Second, France, Germany and Britain should have permanent seats. This would give them the status and visibility they deserve. But their leadership would take place in a broader structure, thus refuting the accusation that they act as a self-appointed directorate.
Third, other member states would sit on the EU Security Council on the basis of a rotation system that would take into account their size, population, economic, diplomatic and military capabilities. In this way, countries like Italy, Spain and Poland, but also the Netherlands and Sweden, could all get an appropriate role and standing.
Such a system would take the sting out of their criticism of the recent trilateral summit meeting. The other, smaller EU member states could also take part from time to time in the EU Security Council on a similar but less frequent rotation basis.
Such smaller countries should take part when a particular crisis is discussed that affects them particularly; when they sit on the UN Security Council as nonpermanent members; or when they chair the Organization for Security and Cooperation in Europe. In any case, all member states would always have a seat in the broader EU Council.
Finally, the European Commission should also have a permanent seat on the EU Security Council, because of its substantial resources and policy-making role.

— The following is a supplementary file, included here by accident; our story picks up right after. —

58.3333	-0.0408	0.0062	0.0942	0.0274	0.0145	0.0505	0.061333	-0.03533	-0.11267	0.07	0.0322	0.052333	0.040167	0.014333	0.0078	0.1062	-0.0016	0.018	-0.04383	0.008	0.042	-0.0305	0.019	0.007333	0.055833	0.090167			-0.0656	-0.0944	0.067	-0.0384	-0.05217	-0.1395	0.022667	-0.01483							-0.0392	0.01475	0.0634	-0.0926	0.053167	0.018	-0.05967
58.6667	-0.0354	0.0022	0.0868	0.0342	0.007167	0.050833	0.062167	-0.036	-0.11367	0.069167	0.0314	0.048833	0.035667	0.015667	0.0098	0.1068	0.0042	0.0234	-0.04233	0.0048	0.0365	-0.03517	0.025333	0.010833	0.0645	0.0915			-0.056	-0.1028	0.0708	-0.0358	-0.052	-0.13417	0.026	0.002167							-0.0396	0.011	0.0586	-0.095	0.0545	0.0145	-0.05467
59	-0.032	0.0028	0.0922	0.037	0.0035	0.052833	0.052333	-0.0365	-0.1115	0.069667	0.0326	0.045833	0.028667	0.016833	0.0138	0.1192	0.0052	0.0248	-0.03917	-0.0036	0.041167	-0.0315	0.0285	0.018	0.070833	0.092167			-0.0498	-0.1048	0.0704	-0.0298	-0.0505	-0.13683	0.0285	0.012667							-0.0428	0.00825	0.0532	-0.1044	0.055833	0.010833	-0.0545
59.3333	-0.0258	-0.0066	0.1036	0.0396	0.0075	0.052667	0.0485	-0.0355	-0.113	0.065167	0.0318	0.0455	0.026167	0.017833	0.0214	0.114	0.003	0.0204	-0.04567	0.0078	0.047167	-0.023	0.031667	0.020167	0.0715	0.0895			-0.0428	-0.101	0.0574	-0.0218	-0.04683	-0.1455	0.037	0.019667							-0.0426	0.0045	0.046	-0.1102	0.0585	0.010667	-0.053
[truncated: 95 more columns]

In other words, the composition of the EU Security Council would combine elements of the UN Security Council, where some countries are recognized as “more equal” than others, and of the U.S. National Security Council, where all relevant agencies of the executive are represented.
An EU Security Council could act as a permanent advisory body for the future EU foreign minister, helping with decisions and initiatives. It could help to build a consensus inside the EU, thus speeding up formal decision-making, which would remain the preserve of the broader EU Council of Ministers.
An EU Security Council could also help in crisis situations by executing guidelines and implementing decisions that had been adopted by all 25 members. In that case, representatives of the countries on the EU Security Council must act as EU emissaries, not as national officials. The Union would then be in a condition to use its potential international leverage to the full.
The main goal of an EU Security Council would be to give the whole EU all the relevant capabilities and ambitions to act effectively on the global stage. Without an EU Security Council – which could be established in the Constitution – the risk is that political energy and momentum will go outside the EU framework.
There is a pressing need for flexible arrangements that reflect existing political realities but which guide them in a positive direction. Without some new forum where those that have the means and ambition to bolster Europe’s influence can take the lead, the EU will drift inexorably toward perpetual deadlock and strategic irrelevance.
Steven Everts is a senior research fellow at the Center for European Reform, London. Antonio Missiroli is a research fellow at the EU Institute for Security Studies, Paris.